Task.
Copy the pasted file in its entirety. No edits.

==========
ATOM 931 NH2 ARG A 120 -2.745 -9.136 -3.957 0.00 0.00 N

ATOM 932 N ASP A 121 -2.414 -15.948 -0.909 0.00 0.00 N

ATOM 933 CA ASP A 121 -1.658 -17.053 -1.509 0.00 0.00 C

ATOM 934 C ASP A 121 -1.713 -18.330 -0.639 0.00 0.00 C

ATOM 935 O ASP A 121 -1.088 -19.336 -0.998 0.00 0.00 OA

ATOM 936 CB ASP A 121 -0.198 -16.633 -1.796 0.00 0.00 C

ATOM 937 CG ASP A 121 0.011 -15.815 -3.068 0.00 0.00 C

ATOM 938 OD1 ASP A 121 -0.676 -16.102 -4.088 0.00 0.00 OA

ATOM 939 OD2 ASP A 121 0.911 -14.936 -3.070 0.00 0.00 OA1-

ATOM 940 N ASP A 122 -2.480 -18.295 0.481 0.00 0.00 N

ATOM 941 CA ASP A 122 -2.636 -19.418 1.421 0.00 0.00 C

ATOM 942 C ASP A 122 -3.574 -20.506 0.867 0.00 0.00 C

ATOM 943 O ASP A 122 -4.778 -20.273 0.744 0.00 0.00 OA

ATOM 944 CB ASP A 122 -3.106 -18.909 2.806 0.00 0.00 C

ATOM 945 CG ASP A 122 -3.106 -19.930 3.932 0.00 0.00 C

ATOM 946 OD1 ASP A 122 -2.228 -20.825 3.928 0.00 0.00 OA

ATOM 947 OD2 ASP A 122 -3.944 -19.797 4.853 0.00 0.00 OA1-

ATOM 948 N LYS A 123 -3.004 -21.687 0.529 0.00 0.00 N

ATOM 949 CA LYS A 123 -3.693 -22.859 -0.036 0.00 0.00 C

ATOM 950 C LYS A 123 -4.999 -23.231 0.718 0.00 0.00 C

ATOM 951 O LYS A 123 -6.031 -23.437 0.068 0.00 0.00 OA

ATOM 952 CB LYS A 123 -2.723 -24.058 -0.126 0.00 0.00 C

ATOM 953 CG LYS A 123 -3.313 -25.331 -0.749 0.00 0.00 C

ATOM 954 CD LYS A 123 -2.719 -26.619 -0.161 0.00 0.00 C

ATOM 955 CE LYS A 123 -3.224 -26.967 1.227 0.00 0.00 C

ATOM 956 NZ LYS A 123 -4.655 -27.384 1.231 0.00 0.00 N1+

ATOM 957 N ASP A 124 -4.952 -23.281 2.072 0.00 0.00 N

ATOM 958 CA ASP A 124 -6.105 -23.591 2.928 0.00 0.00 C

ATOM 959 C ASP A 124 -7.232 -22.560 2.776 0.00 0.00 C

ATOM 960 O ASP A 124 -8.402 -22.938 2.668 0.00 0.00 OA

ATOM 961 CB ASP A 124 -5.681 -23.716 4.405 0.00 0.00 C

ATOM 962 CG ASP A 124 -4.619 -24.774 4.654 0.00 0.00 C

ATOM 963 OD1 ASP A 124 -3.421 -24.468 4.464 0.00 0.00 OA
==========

ATOM 931 NH2 ARG A 120 -2.745 -9.136 -3.957 0.00 0.00 N

ATOM 932 N ASP A 121 -2.414 -15.948 -0.909 0.00 0.00 N

ATOM 933 CA ASP A 121 -1.658 -17.053 -1.509 0.00 0.00 C

ATOM 934 C ASP A 121 -1.713 -18.330 -0.639 0.00 0.00 C

ATOM 935 O ASP A 121 -1.088 -19.336 -0.998 0.00 0.00 OA

ATOM 936 CB ASP A 121 -0.198 -16.633 -1.796 0.00 0.00 C

ATOM 937 CG ASP A 121 0.011 -15.815 -3.068 0.00 0.00 C

ATOM 938 OD1 ASP A 121 -0.676 -16.102 -4.088 0.00 0.00 OA

ATOM 939 OD2 ASP A 121 0.911 -14.936 -3.070 0.00 0.00 OA1-

ATOM 940 N ASP A 122 -2.480 -18.295 0.481 0.00 0.00 N

ATOM 941 CA ASP A 122 -2.636 -19.418 1.421 0.00 0.00 C

ATOM 942 C ASP A 122 -3.574 -20.506 0.867 0.00 0.00 C

ATOM 943 O ASP A 122 -4.778 -20.273 0.744 0.00 0.00 OA

ATOM 944 CB ASP A 122 -3.106 -18.909 2.806 0.00 0.00 C

ATOM 945 CG ASP A 122 -3.106 -19.930 3.932 0.00 0.00 C

ATOM 946 OD1 ASP A 122 -2.228 -20.825 3.928 0.00 0.00 OA

ATOM 947 OD2 ASP A 122 -3.944 -19.797 4.853 0.00 0.00 OA1-

ATOM 948 N LYS A 123 -3.004 -21.687 0.529 0.00 0.00 N

ATOM 949 CA LYS A 123 -3.693 -22.859 -0.036 0.00 0.00 C

ATOM 950 C LYS A 123 -4.999 -23.231 0.718 0.00 0.00 C

ATOM 951 O LYS A 123 -6.031 -23.437 0.068 0.00 0.00 OA

ATOM 952 CB LYS A 123 -2.723 -24.058 -0.126 0.00 0.00 C

ATOM 953 CG LYS A 123 -3.313 -25.331 -0.749 0.00 0.00 C

ATOM 954 CD LYS A 123 -2.719 -26.619 -0.161 0.00 0.00 C

ATOM 955 CE LYS A 123 -3.224 -26.967 1.227 0.00 0.00 C

ATOM 956 NZ LYS A 123 -4.655 -27.384 1.231 0.00 0.00 N1+

ATOM 957 N ASP A 124 -4.952 -23.281 2.072 0.00 0.00 N

ATOM 958 CA ASP A 124 -6.105 -23.591 2.928 0.00 0.00 C

ATOM 959 C ASP A 124 -7.232 -22.560 2.776 0.00 0.00 C

ATOM 960 O ASP A 124 -8.402 -22.938 2.668 0.00 0.00 OA

ATOM 961 CB ASP A 124 -5.681 -23.716 4.405 0.00 0.00 C

ATOM 962 CG ASP A 124 -4.619 -24.774 4.654 0.00 0.00 C

ATOM 963 OD1 ASP A 124 -3.421 -24.468 4.464 0.00 0.00 OA